Absinthe is Good for You

By | December 22, 2007

Banned since 1912, absinthe made a triumphant return to legality recently in the US. Absinthe has an undeserved reputation for causing hallucinations, dementia, renal failure, convulsions, homicidal mania, ear-ectomies (see van Gogh, Vincent), and a nasty aftertaste of black licorice. Okay, the last one is true. Think Good n Plenties and anise blended with Ouzo and Sambuca.

Wormwood is used in the production of absinthe. The chemical compound thujone is a dangerous component of wormword, but the amount that ends up in a glass of absinthe is so small as to be harmless.

St. George Spirits of Alameda, an Alameda distiller best known for their Hangar One Vodka, is now producing absinthe and began selling bottles to the public today. Although three other companies can legally sell absinthe in the US, St. George is the only US company currently producing and selling absinthe.

I went to the Forbidden Island Tiki Lounge in Alameda after work with a couple of friends tonight and Rob and Eric both partook of an $18 glass of absinthe. The glass of absinthe is served along with a glass of ice water with straws. You take up a little water into the straws and slowly add it to the absinthe in a process called “louching”. A cloudy layer forms at the bottom and rises as more water is added. The pictures aren’t too great because the lighting at the Tiki Lounge isn’t designed for photo shoots and my cameraphone ain’t so great.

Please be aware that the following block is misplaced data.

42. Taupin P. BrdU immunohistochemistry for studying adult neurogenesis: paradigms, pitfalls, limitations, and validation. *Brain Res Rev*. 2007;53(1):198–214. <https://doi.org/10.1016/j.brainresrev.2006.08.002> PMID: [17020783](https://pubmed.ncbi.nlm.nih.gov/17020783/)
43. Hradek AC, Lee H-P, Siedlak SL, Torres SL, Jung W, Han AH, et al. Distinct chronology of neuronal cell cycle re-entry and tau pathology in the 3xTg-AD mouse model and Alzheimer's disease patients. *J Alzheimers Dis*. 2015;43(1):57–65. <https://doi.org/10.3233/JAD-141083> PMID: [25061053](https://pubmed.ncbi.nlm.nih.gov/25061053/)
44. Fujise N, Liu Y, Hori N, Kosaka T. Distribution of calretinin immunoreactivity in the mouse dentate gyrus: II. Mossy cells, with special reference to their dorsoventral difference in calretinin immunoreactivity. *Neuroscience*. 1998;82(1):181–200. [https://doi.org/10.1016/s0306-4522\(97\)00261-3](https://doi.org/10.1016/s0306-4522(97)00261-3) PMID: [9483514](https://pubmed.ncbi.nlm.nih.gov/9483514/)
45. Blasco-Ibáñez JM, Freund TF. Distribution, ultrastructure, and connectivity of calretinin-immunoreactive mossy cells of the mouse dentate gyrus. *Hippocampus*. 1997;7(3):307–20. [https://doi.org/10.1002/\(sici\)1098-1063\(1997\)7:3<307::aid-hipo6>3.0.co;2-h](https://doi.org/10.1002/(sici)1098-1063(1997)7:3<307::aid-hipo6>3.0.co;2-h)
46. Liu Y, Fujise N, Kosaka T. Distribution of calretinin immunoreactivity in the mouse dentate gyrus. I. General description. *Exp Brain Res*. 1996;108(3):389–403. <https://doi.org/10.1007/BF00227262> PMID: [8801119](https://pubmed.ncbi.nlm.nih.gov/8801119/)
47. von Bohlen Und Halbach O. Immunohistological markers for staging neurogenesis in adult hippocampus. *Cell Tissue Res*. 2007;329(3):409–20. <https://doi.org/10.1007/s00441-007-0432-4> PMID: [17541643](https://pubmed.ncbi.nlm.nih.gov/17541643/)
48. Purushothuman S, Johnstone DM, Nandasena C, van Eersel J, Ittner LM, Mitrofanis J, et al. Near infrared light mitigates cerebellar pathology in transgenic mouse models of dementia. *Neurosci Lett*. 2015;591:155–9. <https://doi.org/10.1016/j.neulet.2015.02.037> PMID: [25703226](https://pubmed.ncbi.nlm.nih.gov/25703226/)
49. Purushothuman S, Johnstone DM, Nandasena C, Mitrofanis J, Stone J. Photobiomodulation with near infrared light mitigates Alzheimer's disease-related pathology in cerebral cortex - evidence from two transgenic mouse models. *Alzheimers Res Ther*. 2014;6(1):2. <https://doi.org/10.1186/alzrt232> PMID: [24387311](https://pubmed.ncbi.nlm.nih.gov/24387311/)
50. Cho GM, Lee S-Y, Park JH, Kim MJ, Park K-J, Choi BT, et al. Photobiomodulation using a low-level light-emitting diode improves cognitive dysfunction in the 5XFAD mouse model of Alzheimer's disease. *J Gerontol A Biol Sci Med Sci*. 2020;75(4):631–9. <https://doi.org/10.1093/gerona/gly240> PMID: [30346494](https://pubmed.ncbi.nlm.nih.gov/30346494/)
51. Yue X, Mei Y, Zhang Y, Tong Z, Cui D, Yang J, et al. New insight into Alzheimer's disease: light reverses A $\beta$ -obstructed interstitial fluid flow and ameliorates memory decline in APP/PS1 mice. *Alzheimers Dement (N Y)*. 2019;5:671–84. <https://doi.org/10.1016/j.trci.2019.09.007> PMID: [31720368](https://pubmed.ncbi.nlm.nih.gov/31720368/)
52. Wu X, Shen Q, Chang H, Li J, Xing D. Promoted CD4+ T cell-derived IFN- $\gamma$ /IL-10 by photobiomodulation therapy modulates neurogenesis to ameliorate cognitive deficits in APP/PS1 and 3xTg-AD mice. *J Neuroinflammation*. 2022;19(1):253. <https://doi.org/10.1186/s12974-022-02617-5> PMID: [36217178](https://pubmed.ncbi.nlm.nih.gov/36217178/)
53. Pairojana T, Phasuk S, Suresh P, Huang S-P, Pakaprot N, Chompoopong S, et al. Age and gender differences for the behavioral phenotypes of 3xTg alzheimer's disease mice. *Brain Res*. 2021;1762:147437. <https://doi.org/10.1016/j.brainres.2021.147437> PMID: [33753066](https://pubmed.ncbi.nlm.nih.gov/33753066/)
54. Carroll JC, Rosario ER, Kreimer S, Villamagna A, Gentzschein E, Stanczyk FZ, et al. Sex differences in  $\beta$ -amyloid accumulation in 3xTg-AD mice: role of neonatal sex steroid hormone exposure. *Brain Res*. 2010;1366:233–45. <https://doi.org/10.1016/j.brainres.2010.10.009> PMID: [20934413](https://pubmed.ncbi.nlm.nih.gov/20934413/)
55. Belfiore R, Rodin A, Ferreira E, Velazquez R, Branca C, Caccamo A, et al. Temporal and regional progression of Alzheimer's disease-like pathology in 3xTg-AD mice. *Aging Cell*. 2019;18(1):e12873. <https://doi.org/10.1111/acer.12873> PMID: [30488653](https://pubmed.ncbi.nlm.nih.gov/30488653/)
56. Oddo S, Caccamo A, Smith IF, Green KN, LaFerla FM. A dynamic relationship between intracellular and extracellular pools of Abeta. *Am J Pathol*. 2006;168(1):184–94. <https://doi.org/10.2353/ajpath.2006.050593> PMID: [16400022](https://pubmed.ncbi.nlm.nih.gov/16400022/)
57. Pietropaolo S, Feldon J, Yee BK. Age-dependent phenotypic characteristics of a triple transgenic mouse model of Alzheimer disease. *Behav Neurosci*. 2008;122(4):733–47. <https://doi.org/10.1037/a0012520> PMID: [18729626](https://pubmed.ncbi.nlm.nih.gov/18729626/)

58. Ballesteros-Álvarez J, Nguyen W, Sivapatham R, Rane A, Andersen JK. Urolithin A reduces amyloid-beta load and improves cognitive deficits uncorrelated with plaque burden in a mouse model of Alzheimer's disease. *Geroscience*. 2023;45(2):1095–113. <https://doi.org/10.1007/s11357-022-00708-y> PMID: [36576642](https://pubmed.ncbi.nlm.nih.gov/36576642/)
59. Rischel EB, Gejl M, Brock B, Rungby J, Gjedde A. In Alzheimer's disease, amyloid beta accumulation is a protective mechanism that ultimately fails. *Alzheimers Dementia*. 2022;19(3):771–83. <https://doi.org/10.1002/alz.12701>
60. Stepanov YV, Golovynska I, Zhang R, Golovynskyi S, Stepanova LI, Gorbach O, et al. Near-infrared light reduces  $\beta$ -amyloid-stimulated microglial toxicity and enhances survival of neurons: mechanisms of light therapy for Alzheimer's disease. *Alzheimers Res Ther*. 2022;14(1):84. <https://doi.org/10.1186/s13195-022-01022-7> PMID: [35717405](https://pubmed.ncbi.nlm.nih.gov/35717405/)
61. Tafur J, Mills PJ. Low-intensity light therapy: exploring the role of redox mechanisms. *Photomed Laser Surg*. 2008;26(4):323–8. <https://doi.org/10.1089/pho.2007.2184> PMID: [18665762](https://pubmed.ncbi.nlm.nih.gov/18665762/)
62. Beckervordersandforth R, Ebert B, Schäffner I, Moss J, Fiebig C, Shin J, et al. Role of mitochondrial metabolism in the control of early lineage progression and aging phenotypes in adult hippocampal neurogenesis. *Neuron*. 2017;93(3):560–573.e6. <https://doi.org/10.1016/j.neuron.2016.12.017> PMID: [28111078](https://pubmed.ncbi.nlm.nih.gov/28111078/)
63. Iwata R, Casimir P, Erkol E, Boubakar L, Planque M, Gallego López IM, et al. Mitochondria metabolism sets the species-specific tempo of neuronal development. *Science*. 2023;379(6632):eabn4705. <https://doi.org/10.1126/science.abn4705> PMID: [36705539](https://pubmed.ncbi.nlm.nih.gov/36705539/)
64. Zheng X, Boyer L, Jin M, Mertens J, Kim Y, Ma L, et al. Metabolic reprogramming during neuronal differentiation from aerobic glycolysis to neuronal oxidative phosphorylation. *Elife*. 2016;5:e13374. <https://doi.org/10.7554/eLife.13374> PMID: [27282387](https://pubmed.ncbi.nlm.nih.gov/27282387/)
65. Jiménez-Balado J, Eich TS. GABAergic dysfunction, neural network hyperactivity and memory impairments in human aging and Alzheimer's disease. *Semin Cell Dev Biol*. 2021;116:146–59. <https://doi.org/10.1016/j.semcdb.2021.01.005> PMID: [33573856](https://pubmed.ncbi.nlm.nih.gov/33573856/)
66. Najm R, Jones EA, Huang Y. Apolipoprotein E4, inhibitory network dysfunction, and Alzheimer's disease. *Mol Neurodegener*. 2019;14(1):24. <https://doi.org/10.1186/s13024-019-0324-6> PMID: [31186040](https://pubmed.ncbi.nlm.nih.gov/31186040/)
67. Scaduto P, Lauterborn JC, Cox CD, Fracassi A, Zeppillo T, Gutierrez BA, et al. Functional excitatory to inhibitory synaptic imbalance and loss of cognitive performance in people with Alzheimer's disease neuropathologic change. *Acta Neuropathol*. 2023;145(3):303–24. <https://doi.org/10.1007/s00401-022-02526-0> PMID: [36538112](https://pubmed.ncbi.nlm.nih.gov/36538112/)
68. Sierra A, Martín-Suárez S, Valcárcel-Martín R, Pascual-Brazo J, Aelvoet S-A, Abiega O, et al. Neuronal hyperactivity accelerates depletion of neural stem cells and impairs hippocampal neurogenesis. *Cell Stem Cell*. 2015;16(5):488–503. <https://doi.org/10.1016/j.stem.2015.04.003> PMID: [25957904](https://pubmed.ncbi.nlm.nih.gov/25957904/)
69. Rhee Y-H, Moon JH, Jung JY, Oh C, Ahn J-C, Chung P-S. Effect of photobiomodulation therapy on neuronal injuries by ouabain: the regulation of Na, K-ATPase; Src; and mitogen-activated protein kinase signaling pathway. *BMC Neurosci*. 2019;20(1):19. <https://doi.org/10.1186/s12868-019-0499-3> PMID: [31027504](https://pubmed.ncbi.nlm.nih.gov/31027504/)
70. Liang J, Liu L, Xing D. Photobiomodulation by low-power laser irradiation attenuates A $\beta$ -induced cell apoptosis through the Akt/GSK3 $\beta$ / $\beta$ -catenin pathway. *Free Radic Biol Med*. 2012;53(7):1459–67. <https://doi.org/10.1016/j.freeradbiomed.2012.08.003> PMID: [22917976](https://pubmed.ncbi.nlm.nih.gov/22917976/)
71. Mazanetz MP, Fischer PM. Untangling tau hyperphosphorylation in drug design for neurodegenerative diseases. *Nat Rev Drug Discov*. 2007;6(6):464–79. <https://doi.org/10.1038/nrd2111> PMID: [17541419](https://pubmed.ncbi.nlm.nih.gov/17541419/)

Absinthe just after adding a little water

Just a little water had been added in this first photo. Trust me when I say the liquid was green. And smelly, in a licorice sort of way. Not that there’s anything wrong with that, unless you find it appalling, like I do.

Absinthe with a little more water

Once the blended level reaches the top, it’s ready to drink. Another preparation ritual involves dripping the water over a sugarcube, although they frown on that at the Tiki Lounge. Eric thoroughly enjoyed his absinthe, while Rob was just happy to say that he had done it.

Fully blended/diluted absinthe

All of the absinthe consumption may or may not have led to the frenzied construction of a miniature umbrella sculpture. Degas, van Gogh, Picasso, Verlaine and Hemingway would surely have been proud of our absinthe-fueled creativity.

Umbrellas, by Rodin

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